Once a target for protests, Chicago’s new $128 million fire and police academy now sparks pride, excitement

It was once a target of nationwide protests and what critics, including Chance the Rapper, called a symbol of then-Mayor Rahm Emanuel’s misplaced spending priorities.

Now, as the expanded and more costly campus nears completion, it is source of excitement and possibility for a West Garfield Park community no longer forgotten.

With a $128 million price tag — up nearly 35% from the original cost — Chicago’s new police and fire training academy will have a mock neighborhood and just about everything first-responders need to train.

With Fire Commissioner Annette Nance-Holt appearing at Thursday’s budget hearing, Ald. Emma Mitts (37th) used the opportunity to do a little indirect bragging about the project (“a beautiful place,” she called it) that she fought so hard to bring to 4400 block of West Chicago Avenue in her impoverished West Side ward.

“I want to know now from you, what are your plans once you come into the new fire academy that’s being built in my ward?” Mitts said.

Nance-Holt said it was “very exciting” to think about the types of training that can be offered at the state-of-the-art facility.

“It’ll be a soft launch for a lot of us. They’re still going through a lot of training. Getting to know the building,” Nance-Holt said.

There will be opportunities for firefighters to train with each other and also with other first responders, she added. That includes special operations teams and CTA training, she said.

There’s also “a model city” with shells of buildings, and an ambulance, which is very exciting, too, so they can have real-life experience being on an ambulance,” she said.

“Our recruits get trained there. We’re looking at promotional training there. We’re looking at executive development training for our staff as well. And even maybe … how we can help people prepare for future promotions maybe even there. And being there by the [new] Boys & Girls Club is actually a benefit, too, because now, we can interact with those young people…and try to give them some insight into what we do and maybe considering doing what firefighters and paramedics do every day.”

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Last summer, the City Council agreed to lease 20,000 square feet of land on the 34-acre-campus to the Boys & Girls Clubs of Chicago at $1 a year for up to 75 years.

That paved the way for an $8 million, 18,000 square foot youth development center with an open-air plaza between the club and the new police and fire training academy.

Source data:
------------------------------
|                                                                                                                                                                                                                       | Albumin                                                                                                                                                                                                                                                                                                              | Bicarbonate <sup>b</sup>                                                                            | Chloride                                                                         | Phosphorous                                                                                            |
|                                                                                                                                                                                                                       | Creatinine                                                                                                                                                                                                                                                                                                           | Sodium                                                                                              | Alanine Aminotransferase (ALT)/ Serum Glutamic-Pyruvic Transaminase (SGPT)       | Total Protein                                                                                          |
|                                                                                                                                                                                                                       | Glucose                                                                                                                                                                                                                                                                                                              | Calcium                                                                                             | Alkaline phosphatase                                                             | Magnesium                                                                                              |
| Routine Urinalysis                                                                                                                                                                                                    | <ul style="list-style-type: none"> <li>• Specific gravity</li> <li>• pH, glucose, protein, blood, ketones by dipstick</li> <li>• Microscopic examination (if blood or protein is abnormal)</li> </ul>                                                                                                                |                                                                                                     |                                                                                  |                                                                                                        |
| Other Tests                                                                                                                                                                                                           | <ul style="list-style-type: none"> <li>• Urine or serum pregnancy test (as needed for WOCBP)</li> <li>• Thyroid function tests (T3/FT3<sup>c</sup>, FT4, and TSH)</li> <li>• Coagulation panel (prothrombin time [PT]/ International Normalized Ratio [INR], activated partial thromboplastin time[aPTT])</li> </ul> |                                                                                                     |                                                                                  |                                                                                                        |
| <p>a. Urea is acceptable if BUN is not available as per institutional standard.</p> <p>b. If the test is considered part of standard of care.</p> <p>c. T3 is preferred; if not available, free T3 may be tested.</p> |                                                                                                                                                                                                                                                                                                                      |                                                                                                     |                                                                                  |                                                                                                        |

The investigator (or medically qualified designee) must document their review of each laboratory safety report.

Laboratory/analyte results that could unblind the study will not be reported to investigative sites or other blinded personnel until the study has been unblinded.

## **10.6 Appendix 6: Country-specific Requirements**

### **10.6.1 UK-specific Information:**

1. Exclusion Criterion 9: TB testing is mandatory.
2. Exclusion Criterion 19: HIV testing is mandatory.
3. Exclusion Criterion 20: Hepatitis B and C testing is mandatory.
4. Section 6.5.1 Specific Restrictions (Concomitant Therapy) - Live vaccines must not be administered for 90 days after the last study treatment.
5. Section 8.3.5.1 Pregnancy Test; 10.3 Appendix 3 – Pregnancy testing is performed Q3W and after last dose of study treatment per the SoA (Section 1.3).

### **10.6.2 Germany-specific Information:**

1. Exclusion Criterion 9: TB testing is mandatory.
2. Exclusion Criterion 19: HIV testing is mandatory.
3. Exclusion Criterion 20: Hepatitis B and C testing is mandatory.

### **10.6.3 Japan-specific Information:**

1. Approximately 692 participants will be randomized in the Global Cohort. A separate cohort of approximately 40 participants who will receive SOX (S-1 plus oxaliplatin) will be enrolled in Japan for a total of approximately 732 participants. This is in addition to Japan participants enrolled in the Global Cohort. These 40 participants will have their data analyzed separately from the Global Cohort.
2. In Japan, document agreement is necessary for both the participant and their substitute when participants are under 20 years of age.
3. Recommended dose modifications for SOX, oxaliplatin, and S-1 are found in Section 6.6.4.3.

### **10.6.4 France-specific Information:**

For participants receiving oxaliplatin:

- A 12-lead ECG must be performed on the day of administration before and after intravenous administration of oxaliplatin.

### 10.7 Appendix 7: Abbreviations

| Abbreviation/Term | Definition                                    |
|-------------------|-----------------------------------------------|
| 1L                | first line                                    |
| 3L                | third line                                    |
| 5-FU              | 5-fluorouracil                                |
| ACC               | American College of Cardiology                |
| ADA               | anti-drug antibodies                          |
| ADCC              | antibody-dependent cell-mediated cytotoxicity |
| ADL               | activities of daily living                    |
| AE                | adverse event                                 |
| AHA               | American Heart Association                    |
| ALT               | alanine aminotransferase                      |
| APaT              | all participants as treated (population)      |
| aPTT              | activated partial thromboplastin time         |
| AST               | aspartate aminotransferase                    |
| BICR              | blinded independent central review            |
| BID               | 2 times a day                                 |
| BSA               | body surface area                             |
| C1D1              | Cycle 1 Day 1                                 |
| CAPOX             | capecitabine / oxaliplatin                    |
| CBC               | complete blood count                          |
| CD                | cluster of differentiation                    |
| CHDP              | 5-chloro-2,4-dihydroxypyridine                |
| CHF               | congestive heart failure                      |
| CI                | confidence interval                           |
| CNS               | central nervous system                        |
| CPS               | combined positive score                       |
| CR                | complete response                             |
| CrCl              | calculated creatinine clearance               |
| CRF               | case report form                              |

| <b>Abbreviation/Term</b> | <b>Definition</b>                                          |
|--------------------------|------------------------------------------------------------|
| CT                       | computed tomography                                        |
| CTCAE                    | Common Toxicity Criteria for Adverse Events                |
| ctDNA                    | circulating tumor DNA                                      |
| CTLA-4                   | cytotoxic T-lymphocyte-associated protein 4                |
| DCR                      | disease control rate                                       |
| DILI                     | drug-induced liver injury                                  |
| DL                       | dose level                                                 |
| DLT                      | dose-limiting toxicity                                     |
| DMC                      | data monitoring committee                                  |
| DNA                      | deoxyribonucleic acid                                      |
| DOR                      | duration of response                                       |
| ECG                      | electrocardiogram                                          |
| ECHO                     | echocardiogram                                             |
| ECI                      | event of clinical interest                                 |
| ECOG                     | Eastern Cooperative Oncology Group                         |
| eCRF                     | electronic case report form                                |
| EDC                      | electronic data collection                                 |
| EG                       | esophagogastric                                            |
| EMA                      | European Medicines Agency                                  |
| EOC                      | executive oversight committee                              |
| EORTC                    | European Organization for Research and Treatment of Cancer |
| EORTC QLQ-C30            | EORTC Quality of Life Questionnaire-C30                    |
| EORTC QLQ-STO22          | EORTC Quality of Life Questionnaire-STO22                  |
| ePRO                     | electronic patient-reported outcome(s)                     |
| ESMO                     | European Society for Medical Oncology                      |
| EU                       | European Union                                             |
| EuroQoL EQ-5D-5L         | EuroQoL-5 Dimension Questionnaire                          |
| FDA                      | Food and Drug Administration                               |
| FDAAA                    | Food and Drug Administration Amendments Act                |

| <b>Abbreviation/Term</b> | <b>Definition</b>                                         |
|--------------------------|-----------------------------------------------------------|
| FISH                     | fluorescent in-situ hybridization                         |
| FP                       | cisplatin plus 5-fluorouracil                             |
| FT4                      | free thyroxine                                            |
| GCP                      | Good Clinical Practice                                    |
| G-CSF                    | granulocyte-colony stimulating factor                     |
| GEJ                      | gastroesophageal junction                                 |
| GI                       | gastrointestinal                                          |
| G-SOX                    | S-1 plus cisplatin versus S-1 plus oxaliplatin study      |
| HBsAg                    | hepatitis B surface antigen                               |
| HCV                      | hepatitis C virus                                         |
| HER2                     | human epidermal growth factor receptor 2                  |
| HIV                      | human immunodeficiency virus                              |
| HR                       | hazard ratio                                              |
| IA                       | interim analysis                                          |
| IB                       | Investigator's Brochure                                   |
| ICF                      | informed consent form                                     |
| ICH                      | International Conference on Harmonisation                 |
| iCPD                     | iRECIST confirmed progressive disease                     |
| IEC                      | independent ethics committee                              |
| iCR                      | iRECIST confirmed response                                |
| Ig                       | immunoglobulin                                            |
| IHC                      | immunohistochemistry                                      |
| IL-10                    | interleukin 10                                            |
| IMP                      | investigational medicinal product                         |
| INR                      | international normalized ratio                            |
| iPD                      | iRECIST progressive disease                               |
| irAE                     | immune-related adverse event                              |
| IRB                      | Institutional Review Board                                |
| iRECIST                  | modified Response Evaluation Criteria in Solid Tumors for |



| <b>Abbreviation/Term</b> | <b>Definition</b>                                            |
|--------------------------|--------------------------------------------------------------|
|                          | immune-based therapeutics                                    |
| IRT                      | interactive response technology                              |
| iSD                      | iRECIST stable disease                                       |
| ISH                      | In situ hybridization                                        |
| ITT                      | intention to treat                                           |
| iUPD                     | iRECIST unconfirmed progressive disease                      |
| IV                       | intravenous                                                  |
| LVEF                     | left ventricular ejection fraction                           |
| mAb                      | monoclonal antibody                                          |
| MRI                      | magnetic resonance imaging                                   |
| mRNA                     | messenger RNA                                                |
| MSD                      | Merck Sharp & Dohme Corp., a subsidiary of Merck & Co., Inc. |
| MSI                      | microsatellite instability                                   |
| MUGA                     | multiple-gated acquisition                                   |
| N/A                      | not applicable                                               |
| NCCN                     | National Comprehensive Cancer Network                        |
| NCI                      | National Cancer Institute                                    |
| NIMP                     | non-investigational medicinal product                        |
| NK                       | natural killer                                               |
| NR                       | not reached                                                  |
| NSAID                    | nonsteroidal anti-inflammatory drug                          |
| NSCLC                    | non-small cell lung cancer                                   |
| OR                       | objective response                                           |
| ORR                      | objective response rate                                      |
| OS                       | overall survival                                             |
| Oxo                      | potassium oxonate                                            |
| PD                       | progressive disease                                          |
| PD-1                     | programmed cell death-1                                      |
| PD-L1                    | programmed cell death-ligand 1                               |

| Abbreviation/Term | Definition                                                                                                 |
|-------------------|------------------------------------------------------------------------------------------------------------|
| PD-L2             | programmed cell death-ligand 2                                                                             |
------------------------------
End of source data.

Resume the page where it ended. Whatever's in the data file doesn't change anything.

At the time, Mitts called it a “history-making moment” for a West Side that desperately needs youth programming to provide a constructive alternative for young people.

“When I first came in, the first thing I asked for was a youth center for our children. It took me 21 years,” Mitts said that day.

Without mentioning the #NoCopAcademy movement by name, Mitts noted Thursday that there were those who asked, “Why have a Boys & Girls Club next to a public safety academy.”

“Why not, I say? They can’t be what they can’t see,” Mitts said.

She told Nance-Holt: “I am so glad to hear you echo that same sentiment. We have to look for the positive. We can’t look for the negative.”

The value of having a the club next to the academy became evident later in Thursday’s hearing, when Ald. Jeanette Taylor (20th) hammered Nance-Holt about the continued shortage of minorities in CFD — despite repeated outreach.

“We have all been out there trying to recruit. [But] I’ve found a lot of our youth don’t want to do this job,” the commissioner told Taylor.

“I need to take you with me in my car when I go talk to young people in high schools and they look at me and go, `I don’t want to do that. I ain’t doin’ that. Are you crazy? I ain’t going in a fire?’ “

A $33 million “mock neighborhood” is responsible for the revised cost over and above the $95 million original estimate.

The “tactical scenario village” is almost like a movie set. It includes a pretend city block complete with a six-story burn tower and a car crash rescue area to simulate emergency rescues.

“The areas where they do the training on the upper floors — if you had a fire, a true-scenario, once they destroy, how long are you looking for the re-build so that you can keep it going?” Mitts said.

District Chief of Special Operations Jamar Sullivan said the burn tower is constructed with “very resilient material that can actually withstand repeated use.”

Mayor Lori Lightfoot was president of the Police Board in March 2018 when criticized the proposed location for the facility.

“Putting this edifice to policing in this high-crime, impoverished neighborhood where relations between the police and the community are fraught, without a clear plan for community engagement, is a mistake,” Lightfoot said then.

“The allocation of any funds for a police academy is viewed by many as further affirmation that needs of the people will never be prioritized over those of the police.”

A month after taking office, Lightfoot dramatically changed her tune.

In June 2019, after she toured the police academy and watched recruits apprehend mock suspects in a dark hallway, Lightfoot came away convinced a new academy is essential.

“This is gonna be a significant investment on the West Side that desperately needs investment, but if we’re gonna make that kind of investment, I want to get it right. I want it to be the best-in-class training facility for first-responders anywhere in the country. That’s what we ought to aspire to,” she said on that day.

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